Even when used correctly, NHibernate’s performance of may never reach the perfection that customized queries and stored procedures can. A good team of programmers can design and create an incredibly fast custom data access layer for an application, but only if they have ample time and an ideal development environment. Unfortunately, ample time and ideal development environments are not always available. Because of this, custom data access layers for applications are often not optimized to the extent they could be. In fact, in many cases, especially with larger projects and larger teams, the data layer can become a mess with many conflicting and inconsistent practices that can hurt performance far more than NHibernate ever will. With NHibernate, your data access layer will at least be consistent and with minimal effort by the project team.

When it is all said and done, the point of NHibernate is not necessarily to make the performance of the code better, but to make the performance of the programmers better.


NHibernate is a great ORM solution for handling database persistence of business objects in an application. NHibernate is a large framework with many features and options that accommodate a large range of application designs. The example I went through in this article is far from a complete guide to everything NHibernate can do, but it is a good start and touches on many key NHibernate concepts. For continued reading, check out the documentation on the NHibernate web site. Also, in January 2007 the book NHibernate in Action will be released. Its Java counterpart, Hibernate in Action, has proved an invaluable resource on Hibernate functionality for Java applications.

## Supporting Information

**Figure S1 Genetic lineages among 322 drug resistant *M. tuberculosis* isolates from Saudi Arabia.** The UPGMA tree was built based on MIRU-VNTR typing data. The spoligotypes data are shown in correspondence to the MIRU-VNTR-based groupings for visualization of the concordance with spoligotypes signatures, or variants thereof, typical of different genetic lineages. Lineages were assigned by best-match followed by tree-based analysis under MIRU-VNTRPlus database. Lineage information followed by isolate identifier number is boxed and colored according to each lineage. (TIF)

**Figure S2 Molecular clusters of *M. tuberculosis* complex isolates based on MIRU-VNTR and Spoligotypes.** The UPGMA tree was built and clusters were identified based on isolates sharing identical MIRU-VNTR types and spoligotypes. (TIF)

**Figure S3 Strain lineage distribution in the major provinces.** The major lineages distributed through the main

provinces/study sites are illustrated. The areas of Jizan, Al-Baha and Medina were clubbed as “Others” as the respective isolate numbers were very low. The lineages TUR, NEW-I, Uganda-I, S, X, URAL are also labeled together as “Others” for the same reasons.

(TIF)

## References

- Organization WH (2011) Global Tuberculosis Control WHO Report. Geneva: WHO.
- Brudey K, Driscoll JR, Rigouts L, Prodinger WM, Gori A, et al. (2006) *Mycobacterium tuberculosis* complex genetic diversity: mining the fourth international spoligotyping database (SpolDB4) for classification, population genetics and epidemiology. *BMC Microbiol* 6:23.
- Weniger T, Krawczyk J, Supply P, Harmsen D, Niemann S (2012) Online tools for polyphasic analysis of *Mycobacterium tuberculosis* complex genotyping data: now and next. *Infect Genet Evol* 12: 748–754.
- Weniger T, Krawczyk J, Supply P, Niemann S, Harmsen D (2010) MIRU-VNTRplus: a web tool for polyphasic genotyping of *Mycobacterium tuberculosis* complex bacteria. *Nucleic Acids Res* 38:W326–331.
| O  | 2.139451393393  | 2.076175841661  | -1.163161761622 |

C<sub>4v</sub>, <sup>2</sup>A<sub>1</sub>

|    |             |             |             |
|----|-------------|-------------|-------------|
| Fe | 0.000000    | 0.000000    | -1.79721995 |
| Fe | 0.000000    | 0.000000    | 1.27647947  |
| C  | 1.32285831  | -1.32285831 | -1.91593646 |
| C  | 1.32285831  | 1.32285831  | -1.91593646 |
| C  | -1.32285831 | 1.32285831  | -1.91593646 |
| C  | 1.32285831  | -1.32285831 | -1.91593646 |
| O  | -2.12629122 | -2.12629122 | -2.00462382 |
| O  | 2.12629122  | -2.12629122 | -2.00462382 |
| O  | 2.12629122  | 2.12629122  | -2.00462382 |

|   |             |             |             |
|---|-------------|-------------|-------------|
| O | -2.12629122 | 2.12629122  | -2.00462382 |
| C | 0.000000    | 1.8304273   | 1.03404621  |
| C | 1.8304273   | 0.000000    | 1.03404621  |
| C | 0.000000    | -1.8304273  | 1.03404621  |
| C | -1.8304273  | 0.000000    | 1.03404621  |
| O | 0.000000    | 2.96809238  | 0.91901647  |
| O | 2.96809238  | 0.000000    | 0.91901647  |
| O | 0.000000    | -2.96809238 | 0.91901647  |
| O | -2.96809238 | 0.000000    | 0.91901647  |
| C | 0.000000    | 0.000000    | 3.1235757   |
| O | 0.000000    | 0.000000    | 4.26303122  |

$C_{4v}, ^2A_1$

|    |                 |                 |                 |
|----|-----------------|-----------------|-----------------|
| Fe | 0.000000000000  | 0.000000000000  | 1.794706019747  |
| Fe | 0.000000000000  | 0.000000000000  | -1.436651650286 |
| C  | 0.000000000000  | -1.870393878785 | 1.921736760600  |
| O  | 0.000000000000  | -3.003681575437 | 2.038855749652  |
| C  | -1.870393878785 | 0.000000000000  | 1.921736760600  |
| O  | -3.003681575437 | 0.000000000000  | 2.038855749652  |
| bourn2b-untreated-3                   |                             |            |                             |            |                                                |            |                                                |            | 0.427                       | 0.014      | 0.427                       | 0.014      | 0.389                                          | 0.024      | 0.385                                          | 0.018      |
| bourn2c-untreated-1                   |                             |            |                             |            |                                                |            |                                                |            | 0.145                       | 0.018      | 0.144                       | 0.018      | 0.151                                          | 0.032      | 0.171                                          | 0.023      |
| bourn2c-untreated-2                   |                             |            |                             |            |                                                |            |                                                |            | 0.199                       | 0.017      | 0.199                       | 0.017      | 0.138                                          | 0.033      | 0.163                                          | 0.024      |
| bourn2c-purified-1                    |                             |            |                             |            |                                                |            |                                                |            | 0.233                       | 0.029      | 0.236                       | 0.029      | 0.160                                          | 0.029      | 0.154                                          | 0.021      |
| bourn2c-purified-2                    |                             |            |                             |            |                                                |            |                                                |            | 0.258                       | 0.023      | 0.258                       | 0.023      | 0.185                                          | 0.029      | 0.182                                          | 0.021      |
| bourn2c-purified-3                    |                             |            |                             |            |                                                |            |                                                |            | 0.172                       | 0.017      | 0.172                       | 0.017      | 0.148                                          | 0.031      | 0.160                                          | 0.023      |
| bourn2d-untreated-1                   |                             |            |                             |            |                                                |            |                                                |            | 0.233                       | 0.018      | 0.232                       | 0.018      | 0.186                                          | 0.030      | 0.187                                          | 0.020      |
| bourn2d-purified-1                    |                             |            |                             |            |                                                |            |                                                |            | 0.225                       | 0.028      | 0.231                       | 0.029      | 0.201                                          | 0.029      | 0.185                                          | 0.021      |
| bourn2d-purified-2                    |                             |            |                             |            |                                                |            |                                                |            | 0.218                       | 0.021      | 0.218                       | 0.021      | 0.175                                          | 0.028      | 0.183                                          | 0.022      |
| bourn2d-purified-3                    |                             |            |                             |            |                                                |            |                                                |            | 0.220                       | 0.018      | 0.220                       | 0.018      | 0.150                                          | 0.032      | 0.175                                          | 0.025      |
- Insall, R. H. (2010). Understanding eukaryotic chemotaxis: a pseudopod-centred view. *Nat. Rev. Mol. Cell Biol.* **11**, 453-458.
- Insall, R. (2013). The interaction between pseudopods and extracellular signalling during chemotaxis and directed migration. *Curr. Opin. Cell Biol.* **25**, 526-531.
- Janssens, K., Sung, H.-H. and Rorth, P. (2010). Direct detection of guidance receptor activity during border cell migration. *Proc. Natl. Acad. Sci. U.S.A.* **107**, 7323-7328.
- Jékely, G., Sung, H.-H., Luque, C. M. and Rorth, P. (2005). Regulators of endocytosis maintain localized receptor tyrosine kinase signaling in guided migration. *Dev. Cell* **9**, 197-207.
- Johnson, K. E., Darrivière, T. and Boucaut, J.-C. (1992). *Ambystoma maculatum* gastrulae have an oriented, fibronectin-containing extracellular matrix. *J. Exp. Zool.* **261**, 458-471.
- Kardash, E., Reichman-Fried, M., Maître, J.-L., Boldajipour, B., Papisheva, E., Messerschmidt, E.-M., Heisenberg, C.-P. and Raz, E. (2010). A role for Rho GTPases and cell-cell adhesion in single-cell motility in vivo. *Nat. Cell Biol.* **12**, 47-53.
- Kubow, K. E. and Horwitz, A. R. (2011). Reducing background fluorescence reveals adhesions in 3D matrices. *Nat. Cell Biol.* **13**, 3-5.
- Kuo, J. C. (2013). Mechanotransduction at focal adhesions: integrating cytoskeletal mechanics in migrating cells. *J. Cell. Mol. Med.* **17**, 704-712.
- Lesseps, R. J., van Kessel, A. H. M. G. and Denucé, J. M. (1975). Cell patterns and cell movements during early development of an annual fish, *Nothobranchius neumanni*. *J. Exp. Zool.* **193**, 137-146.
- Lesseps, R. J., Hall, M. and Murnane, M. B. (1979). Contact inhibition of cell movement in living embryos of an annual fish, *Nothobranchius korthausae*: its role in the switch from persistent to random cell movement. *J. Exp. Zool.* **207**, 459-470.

Code Examples

Download the example code in this article here.

About the Author

David Consdorf, who resides in Chicago, Illinois, has been developing Java and ASP.NET web applications as a software consultant for Crowe Chizek and Company LLC for the last three years. Crowe Chizek and Company LLC is a Microsoft Gold Certified Partner.

David graduated with a Bachelor’s Degree in Computer Science from the University of Illinois Urbana-Champaign.

Get the Free Newsletter!

Subscribe to Developer Insider for top news, trends & analysis

Latest Posts

Related Stories